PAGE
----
If we must have drinking guidelines, they should be based on the amount of alcohol that has to be consumed for a drinker’s mortality risk to exceed that of a teetotaller. As you can see in the graph above, that would mean increasing the limits. But since that would be out of step with the mood of the times, they will probably be reduced on the basis of epidemiological evidence about breast cancer which is much weaker than the epidemiological evidence for the J-Curve.
Will people change their drinking habits if the guidelines are changed? Probably not, but that is to misunderstand their purpose. From the perspective of the public health lobby, guidelines are designed for political, rather than educational, use. If the limits are lowered, millions more people will suddenly become hazardous drinkers. The flagging moral panic of Binge Britain can be resurrected.
Last year, after some nudging from the Government, thousands of shops stopped selling cans of super-strength beer and cider. The explicit rationale was that these products contain more units than a man is supposed to drink in a day and are therefore inherently dangerous. Leaving aside the fact that even the current guidelines allow people to drink such quantities so long as they do not do so regularly, it is easy to see how lower limits would open the door to similar rhetoric about almost any alcoholic drink.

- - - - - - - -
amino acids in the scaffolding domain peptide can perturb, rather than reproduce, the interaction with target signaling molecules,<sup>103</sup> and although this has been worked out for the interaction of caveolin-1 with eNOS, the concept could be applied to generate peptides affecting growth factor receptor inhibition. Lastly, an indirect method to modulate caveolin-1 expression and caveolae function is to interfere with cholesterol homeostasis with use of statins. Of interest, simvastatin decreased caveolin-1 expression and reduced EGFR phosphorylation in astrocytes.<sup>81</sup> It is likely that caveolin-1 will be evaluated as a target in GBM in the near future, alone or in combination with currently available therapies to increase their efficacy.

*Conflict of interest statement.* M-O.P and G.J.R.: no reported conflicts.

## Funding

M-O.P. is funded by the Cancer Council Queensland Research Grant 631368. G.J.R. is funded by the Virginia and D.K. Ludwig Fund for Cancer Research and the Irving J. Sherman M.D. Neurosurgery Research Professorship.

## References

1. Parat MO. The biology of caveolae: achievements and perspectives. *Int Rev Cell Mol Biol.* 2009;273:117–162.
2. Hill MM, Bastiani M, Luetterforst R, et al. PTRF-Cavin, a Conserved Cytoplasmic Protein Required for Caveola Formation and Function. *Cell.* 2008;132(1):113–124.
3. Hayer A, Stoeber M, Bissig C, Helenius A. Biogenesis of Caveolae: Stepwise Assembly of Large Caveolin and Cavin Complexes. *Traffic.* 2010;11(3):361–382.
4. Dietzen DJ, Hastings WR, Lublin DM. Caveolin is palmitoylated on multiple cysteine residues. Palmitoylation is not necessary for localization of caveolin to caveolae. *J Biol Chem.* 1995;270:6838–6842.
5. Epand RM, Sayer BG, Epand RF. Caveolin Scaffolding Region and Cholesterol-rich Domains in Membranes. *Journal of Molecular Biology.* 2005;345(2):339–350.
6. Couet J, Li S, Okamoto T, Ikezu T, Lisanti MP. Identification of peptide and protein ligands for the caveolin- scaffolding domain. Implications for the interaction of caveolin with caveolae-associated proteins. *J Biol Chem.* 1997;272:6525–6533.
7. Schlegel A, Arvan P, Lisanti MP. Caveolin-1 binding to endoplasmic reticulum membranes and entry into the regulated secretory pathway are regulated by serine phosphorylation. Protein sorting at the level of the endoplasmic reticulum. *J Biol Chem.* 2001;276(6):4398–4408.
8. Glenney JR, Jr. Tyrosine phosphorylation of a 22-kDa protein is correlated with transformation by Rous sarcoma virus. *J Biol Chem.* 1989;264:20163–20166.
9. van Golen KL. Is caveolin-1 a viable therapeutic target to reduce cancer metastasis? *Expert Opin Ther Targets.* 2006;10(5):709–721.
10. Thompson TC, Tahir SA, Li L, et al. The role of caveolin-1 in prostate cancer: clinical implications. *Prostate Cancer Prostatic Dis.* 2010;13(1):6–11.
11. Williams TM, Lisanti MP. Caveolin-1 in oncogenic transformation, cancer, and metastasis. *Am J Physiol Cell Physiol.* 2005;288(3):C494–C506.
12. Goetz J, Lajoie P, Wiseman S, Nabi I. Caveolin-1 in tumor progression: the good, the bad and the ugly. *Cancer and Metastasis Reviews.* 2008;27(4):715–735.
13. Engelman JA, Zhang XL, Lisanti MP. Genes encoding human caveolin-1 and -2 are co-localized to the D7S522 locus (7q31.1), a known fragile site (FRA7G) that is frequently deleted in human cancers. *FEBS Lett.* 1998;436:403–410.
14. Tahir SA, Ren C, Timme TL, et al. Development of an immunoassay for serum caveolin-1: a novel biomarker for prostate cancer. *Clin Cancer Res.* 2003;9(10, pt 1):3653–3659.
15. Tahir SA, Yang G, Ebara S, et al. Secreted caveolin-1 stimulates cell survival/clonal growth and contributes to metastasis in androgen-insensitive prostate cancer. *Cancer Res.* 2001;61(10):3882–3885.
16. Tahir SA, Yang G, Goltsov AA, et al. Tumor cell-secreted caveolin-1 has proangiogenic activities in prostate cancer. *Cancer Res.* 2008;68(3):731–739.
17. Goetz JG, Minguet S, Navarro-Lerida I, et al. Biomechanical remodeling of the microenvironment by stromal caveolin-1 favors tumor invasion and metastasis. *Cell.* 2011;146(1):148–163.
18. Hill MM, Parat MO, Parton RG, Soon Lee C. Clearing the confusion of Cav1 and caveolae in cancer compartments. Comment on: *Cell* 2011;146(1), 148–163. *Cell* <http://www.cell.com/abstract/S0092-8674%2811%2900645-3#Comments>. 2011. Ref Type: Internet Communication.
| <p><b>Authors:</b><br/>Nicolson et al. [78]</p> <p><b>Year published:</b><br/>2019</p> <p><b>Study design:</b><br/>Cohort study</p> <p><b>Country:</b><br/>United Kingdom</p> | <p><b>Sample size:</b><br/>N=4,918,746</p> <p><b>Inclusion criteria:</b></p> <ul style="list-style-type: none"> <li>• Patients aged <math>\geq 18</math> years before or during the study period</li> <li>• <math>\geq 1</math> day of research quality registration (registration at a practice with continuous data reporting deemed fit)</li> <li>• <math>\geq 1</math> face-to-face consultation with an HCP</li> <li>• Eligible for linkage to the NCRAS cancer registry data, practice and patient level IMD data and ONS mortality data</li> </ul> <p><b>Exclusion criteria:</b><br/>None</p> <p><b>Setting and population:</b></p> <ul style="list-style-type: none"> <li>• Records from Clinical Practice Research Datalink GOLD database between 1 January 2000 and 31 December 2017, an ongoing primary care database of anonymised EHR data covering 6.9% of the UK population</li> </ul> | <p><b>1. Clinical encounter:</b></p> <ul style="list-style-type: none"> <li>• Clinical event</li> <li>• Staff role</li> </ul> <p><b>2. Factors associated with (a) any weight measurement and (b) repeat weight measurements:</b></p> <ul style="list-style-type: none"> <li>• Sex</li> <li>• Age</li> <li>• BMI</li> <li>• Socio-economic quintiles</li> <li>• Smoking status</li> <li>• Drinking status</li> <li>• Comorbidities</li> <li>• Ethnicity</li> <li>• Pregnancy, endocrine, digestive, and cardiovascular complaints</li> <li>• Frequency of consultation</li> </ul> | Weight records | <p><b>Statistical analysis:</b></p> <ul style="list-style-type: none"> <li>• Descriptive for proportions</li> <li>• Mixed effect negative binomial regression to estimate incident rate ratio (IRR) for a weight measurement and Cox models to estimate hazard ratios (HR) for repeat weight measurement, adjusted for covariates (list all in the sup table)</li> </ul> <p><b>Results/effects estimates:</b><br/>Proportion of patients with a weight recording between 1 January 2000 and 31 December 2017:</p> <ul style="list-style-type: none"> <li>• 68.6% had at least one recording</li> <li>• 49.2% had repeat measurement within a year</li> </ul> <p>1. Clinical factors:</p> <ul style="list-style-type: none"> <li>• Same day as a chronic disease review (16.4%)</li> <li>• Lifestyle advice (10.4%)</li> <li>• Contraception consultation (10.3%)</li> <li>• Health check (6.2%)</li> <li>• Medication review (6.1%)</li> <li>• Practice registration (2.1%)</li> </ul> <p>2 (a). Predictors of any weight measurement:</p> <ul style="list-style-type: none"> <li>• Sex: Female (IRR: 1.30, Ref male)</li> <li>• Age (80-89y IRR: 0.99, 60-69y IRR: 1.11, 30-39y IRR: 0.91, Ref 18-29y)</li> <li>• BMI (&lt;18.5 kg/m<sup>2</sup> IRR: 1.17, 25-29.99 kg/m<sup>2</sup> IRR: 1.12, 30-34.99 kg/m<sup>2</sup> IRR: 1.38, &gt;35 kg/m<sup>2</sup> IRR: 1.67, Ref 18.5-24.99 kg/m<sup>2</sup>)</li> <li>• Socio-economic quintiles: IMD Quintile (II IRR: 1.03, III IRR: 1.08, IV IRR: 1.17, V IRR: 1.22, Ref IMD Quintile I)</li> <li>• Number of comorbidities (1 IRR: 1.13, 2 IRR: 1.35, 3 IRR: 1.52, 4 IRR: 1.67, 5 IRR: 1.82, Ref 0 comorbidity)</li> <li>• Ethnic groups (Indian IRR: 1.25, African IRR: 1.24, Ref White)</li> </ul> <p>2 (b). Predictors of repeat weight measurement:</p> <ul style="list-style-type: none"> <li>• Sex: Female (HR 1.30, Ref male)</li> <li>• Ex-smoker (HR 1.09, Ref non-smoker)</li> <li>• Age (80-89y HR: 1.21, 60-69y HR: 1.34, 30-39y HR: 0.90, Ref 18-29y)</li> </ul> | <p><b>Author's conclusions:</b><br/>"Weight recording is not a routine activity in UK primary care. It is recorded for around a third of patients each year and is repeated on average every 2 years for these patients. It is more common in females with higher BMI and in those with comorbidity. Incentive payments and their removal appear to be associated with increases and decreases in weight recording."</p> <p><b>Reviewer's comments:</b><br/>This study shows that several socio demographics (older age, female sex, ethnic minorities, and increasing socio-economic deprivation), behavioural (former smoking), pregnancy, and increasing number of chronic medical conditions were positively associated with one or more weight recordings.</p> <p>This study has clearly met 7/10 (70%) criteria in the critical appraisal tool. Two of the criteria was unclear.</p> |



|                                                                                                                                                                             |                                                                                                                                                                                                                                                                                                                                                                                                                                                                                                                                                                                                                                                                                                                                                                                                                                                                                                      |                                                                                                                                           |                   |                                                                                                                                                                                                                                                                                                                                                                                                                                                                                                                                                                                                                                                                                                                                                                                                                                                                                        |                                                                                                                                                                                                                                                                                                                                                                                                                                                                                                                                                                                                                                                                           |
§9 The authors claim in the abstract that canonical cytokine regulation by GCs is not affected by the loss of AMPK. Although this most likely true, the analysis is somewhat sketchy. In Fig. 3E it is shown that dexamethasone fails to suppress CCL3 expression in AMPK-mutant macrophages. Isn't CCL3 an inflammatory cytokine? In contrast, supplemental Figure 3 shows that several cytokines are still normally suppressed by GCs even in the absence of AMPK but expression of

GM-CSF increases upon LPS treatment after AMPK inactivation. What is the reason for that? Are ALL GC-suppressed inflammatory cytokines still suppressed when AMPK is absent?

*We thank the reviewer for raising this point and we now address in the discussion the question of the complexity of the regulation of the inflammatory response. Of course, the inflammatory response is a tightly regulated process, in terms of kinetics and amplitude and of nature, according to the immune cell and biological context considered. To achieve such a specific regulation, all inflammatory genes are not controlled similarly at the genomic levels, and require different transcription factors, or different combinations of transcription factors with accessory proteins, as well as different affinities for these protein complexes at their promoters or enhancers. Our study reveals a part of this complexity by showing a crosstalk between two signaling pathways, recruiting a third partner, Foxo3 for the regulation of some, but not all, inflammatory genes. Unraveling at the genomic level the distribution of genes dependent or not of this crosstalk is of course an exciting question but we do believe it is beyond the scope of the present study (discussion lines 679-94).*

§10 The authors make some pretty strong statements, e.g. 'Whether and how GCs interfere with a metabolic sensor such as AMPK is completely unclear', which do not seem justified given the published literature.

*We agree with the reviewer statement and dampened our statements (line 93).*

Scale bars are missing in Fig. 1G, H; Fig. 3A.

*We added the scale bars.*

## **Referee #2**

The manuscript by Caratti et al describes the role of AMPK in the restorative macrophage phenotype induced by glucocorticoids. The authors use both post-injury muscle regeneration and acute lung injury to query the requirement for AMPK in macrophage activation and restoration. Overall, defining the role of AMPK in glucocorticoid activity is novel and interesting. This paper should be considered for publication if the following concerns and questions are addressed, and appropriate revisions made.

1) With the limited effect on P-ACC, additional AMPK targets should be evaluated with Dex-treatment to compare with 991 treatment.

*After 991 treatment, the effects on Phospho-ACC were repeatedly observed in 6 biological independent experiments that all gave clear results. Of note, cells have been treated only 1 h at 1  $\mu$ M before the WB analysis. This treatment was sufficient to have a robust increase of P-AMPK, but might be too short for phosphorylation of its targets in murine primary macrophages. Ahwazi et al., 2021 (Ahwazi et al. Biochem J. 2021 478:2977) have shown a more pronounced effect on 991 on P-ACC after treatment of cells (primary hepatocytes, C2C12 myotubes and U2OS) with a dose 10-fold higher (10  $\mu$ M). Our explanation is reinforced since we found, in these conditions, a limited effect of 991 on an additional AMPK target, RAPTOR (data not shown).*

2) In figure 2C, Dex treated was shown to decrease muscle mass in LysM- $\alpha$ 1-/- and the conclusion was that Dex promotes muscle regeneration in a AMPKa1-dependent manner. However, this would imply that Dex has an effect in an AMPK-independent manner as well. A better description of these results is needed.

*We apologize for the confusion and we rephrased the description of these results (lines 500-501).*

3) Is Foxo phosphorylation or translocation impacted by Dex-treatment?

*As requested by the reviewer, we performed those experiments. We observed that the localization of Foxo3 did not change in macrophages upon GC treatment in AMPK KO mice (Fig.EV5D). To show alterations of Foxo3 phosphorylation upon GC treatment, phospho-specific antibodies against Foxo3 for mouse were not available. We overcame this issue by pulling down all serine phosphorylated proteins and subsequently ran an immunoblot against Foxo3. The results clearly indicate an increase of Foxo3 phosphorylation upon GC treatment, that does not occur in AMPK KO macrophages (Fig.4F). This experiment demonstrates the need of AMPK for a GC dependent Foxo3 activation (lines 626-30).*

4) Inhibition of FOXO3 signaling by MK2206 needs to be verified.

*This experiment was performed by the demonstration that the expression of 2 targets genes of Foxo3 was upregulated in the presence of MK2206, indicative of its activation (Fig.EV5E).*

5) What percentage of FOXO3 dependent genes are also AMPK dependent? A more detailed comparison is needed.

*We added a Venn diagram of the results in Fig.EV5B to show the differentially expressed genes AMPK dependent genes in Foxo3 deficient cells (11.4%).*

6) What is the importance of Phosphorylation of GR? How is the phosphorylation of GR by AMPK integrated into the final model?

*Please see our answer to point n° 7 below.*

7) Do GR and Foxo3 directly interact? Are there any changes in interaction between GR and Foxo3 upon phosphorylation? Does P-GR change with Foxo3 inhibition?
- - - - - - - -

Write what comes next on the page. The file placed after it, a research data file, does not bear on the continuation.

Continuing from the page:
We see the same thing happening with sugar. It is routinely claimed that the World Health Organisation has declared that people should not get more than five per cent of their energy intake from free sugars. This is a very small amount and is half what they previously recommended. In fact, their official guidance is still 10 per cent, they merely note that reducing it further may have additional benefits for dental health, although this recommendation is ‘conditional’ because the evidence is weak.
Either way, the advice is too complicated to be much use to the man on the Clapham omnibus, even if he was aware of it. Who knows what their daily energy intake is, let alone how much sugary food will provide 10 per cent of it? Since most people exceed the current recommendations, it is most unlikely that they will suddenly abide by a lower recommendation. The advice is therefore of questionable use to the public, but it is very useful to the likes of Action on Sugar who, by portraying five per cent is the upper limit, can claim that everyday products, such as fizzy drinks, contain an inherently dangerous amount of sugar.
As one anti-sugar campaigner said when the WHO guidelines were published last year: ‘If the sugar threshold is lowered, I think breakfast cereal is going to have a really hard time justifying its existence.’ This is what guidelines are really all about. They are not aimed at you because you will ignore them. They are aimed at campaigners who can use them to lobby politicians to take the decision out of your hands.